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Mass stranding of pilot whales in Tasmania

Mass stranding of pilot whales in Tasmania

Over 450 pilot whales have stranded in various locations along a stretch of coastline in...
Tahlequah, the Southern Resident orca, gives birth to healthy calf

Tahlequah, the Southern Resident orca, gives birth to healthy calf

J35 and J57. Photo by Katie Jones, Center for Whale Research / Permit #21238 Tahlequah...
Why do female orcas live so long after they stop having babies?

Why do female orcas live so long after they stop having babies?

Orcas are one of only five species known to experience menopause and females can live...
Humpback whales swim up river in Kakadu National Park

Humpback whales swim up river in Kakadu National Park

Wildlife experts in Australia's Northern Territory are monitoring a humpback whale that has travelled 18...
WDC scientists join call for global action to protect whales and dolphins from extinction

WDC scientists join call for global action to protect whales and dolphins from extinction

Scientists from Whale and Dolphin Conservation, along with over 250 other experts from 40 countries,...
Rastus – the tale of an extraordinary dog and his love of dolphins

Rastus – the tale of an extraordinary dog and his love of dolphins

Rastus Dr Nicolette Scourse is an academic, educator, author and illustrator with a passion for...
BELUGA WHALE SANCTUARY UPDATE:  Little Grey and Little White arrive safely after move to bay care area

BELUGA WHALE SANCTUARY UPDATE: Little Grey and Little White arrive safely after move to bay care area

We can now confirm that two beluga whales, Little Grey and Little White, are now...
Vessel Speed Limits Sought to Protect Endangered North Atlantic Right Whales

Vessel Speed Limits Sought to Protect Endangered North Atlantic Right Whales

"What we are asking for are essentially school zones along our coast, areas where vessels...

Blue whale blues

Every whale death is a tragedy, but a dead blue whale is a big loss in every sense of the word. A young blue whale – its beauty and future potential cruelly extinguished – is arguably the greatest loss of all.  I was really concerned, then, to hear a few days ago of another blue whale washed up on the beach at Midigama, on the south coast of Sri Lanka: the third in the area in as many months.  These palm-fringed beaches are a slice of heaven and it seems plain wrong to see this whale – at around 10-15 metres, small in blue whale terms – lying dead on the sand.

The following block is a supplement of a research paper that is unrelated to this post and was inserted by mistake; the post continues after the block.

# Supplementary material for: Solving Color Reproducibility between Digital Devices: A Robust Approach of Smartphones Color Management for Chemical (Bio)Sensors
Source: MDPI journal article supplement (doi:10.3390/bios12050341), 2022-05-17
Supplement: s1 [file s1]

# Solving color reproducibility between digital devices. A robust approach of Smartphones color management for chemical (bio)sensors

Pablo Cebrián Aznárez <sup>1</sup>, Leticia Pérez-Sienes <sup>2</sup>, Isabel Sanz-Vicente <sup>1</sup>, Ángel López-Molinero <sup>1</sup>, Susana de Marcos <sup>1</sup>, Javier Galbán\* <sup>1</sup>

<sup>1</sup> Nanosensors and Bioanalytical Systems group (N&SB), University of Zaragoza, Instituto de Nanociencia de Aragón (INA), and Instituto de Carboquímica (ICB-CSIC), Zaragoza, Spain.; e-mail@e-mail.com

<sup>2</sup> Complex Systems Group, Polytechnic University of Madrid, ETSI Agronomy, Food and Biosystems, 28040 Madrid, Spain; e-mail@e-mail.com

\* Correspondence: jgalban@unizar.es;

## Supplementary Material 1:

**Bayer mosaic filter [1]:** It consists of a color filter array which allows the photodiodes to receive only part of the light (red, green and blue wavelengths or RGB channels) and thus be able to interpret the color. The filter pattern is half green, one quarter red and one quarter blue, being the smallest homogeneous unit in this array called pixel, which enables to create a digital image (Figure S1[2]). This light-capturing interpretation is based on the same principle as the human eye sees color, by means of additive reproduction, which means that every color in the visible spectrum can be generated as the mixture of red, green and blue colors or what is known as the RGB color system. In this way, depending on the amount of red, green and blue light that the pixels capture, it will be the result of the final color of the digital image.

Reports suggest that the whale had a 5-metre-long gash running down its throat pleats and under its left flipper. Whales have been fatally struck by vessels in these waters on an all-too regular basis, as blue whales and other species have the misfortune to make their home within one of the world’s busiest shipping lanes.  At the moment, there are many unknowns, but samples have been taken and hopefully, we may eventually learn why this young blue whale died.

Sadly, just a fortnight ago, another blue whale washed up dead at nearby Kathaluwa beach, and in early March, yet another blue whale was found on the beach at Dikwella, to the east of the well-known fishing village of Mirissa.  Just days before that March death, two blue whales had been observed in the area, both in poor condition; one looking emaciated and the other with injuries suggestive of orca attack.

Taken together, these deaths – and the earlier sightings of whales in poor condition – suggest that all is far from well with the local blue whale population. This is a matter of great concern of course, not only to conservationists but also to the local community, which in recent years has developed a whale watch industry around these gentle giants and the many other whale and dolphin species found in these waters.

Back in 2012, in response to concerns that this new industry was developing too quickly, WDC launched Project BLUEprint, in partnership with SriLankan Airlines and local eco-tourism companies. We started to engage with the whale watch operators, offering support and training in responsible whale watching and at the same time, encouraging fit-for-purpose regulations, with proper monitoring and enforcement provisions, as these elements go hand in hand. Last autumn, we staged a successful two-day training workshop in the region, which was attended by around 90 operators and stakeholders. 

There is still some way to go before all local operators have sufficient training and experience to allow them to offer truly responsible viewing practices across the board – and equally, whilst regulations are in place, they are not yet as robust as they should be. Nonetheless, things are moving in the right direction and several local operators currently offer an experience that is on a par with high-quality whale watching elsewhere in the world. And, crucially, there is growing awareness within this community that they cannot protect their livelihoods without first protecting the whales in their waters. Fostering this sense of guardianship over the blue whales and other marine life in the region is absolutely essential of course and thus is a large part of Project BLUEprint’s remit.

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